- An employer properly following its disciplinary process and / or the outcome of such a process, cannot amount to, or contribute to, a repudiatory breach of contract.
The Court of Appeal confirmed that, whilst a tribunal ought to be slow to strike out a claim where there are disputed facts, there is no absolute rule against it. Whether it is appropriate in a particular case requires assessment of the nature of the disputes and the facts that can be realistically disputed.
Guidance on Constructive Unfair Dismissal Cases
What is significant is the Court of Appeal took the opportunity to review the operation of the last straw doctrine and its potential interaction with previously affirmed breaches.
The Court of Appeal confirmed that all that is required for a last straw resignation is that a series of incidents, whether or not previously affirmed, amounts to a fundamental breach of contract. i.e. further contributory acts effectively “revive” an employee’s right to rely upon the whole series of acts, despite any earlier affirmation(s). If the employee does not delay in their resignation from the last of these incidents, their claim will be well-founded. In so holding the court disapproved the EAT’s decision in Vairea (Vairea v Reed Business Information Ltd  ICR D9) which was contrary to the earlier Court of Appeal authority in Omilaju (London Borough of Waltham Forest v Omilaju  EWCA Civ 1493).
The Court of Appeal suggested there were 5 questions for tribunals to consider in unfair dismissal cases:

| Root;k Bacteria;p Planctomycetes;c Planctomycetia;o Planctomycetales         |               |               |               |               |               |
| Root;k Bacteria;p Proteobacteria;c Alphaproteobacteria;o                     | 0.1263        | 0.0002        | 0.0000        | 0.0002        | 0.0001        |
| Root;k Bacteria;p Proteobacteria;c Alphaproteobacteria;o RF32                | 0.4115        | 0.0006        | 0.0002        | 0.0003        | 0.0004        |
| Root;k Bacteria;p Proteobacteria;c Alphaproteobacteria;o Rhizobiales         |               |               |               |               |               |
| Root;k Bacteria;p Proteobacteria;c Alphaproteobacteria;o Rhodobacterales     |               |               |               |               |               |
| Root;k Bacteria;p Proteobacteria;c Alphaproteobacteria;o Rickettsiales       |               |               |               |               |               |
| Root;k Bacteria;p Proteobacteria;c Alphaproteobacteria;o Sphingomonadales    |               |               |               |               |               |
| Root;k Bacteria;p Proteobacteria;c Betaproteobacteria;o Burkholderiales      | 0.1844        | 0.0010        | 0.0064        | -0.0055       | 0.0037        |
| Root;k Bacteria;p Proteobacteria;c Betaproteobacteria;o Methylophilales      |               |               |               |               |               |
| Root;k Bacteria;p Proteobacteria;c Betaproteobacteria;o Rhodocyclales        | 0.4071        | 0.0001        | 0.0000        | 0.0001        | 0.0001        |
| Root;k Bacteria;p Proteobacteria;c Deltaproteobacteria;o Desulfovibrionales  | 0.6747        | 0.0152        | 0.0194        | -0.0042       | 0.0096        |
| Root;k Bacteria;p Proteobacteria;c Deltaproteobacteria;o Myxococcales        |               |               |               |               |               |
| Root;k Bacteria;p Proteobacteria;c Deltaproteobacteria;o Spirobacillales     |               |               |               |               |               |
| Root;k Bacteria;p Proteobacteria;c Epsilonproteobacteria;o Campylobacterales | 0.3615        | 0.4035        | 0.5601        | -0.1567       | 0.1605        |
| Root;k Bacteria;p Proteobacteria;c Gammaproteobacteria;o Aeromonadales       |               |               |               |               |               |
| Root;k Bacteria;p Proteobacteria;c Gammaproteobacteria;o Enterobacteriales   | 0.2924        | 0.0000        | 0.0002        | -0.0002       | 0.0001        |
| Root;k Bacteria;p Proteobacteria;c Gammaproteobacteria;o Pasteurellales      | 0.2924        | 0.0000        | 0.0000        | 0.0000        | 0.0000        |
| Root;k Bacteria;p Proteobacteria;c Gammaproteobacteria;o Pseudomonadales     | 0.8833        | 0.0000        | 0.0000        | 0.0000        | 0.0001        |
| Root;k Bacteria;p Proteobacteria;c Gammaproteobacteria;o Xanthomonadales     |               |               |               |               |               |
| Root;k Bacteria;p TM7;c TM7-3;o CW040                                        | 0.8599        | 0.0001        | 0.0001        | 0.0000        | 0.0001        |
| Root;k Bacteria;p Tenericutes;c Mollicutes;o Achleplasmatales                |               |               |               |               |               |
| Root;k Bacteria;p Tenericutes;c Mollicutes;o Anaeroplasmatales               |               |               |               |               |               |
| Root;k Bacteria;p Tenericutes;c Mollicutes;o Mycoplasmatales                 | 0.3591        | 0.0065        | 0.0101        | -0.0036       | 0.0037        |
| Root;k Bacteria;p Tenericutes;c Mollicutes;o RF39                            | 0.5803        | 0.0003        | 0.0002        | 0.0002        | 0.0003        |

- What was the most recent act (or omission) on the part of the employer which the employee says caused, or triggered the resignation?
- Has the employee done anything to suggest that they have accepted (or affirmed) the contract since that act?
- If not, was that act (or omission) by itself a repudiatory breach of contract (i.e. of sufficient important to justify resignation)?
- If not, was it nevertheless a part (applying the approach explained in Omilaju) of a course of conduct comprising several acts and omissions which, viewed cumulatively, amounted to a repudiatory breach of the employee’s contract by showing that all trust and confidence had been destroyed? If it was, there is no need for any separate consideration of a possible previous affirmation.
- Did the employee resign in response (or partly in response) to that breach?
What does this mean for you or your business?
- You need to be aware that employees may later rely upon historical “complaints” as contributing to a cumulative breach of trust and confidence, even if you consider the complaints to have been addressed or even forgotten.
- A properly followed disciplinary process cannot constitute a repudiatory breach of contract, or contribute to a series of acts that cumulatively amount to such a breach.
What do you need to be doing now?
- Ensure that you have in place, and follow carefully, well drafted grievance and disciplinary procedures.
These notes have been prepared for the purpose of articles only. They should not be regarded as a substitute for taking legal advice.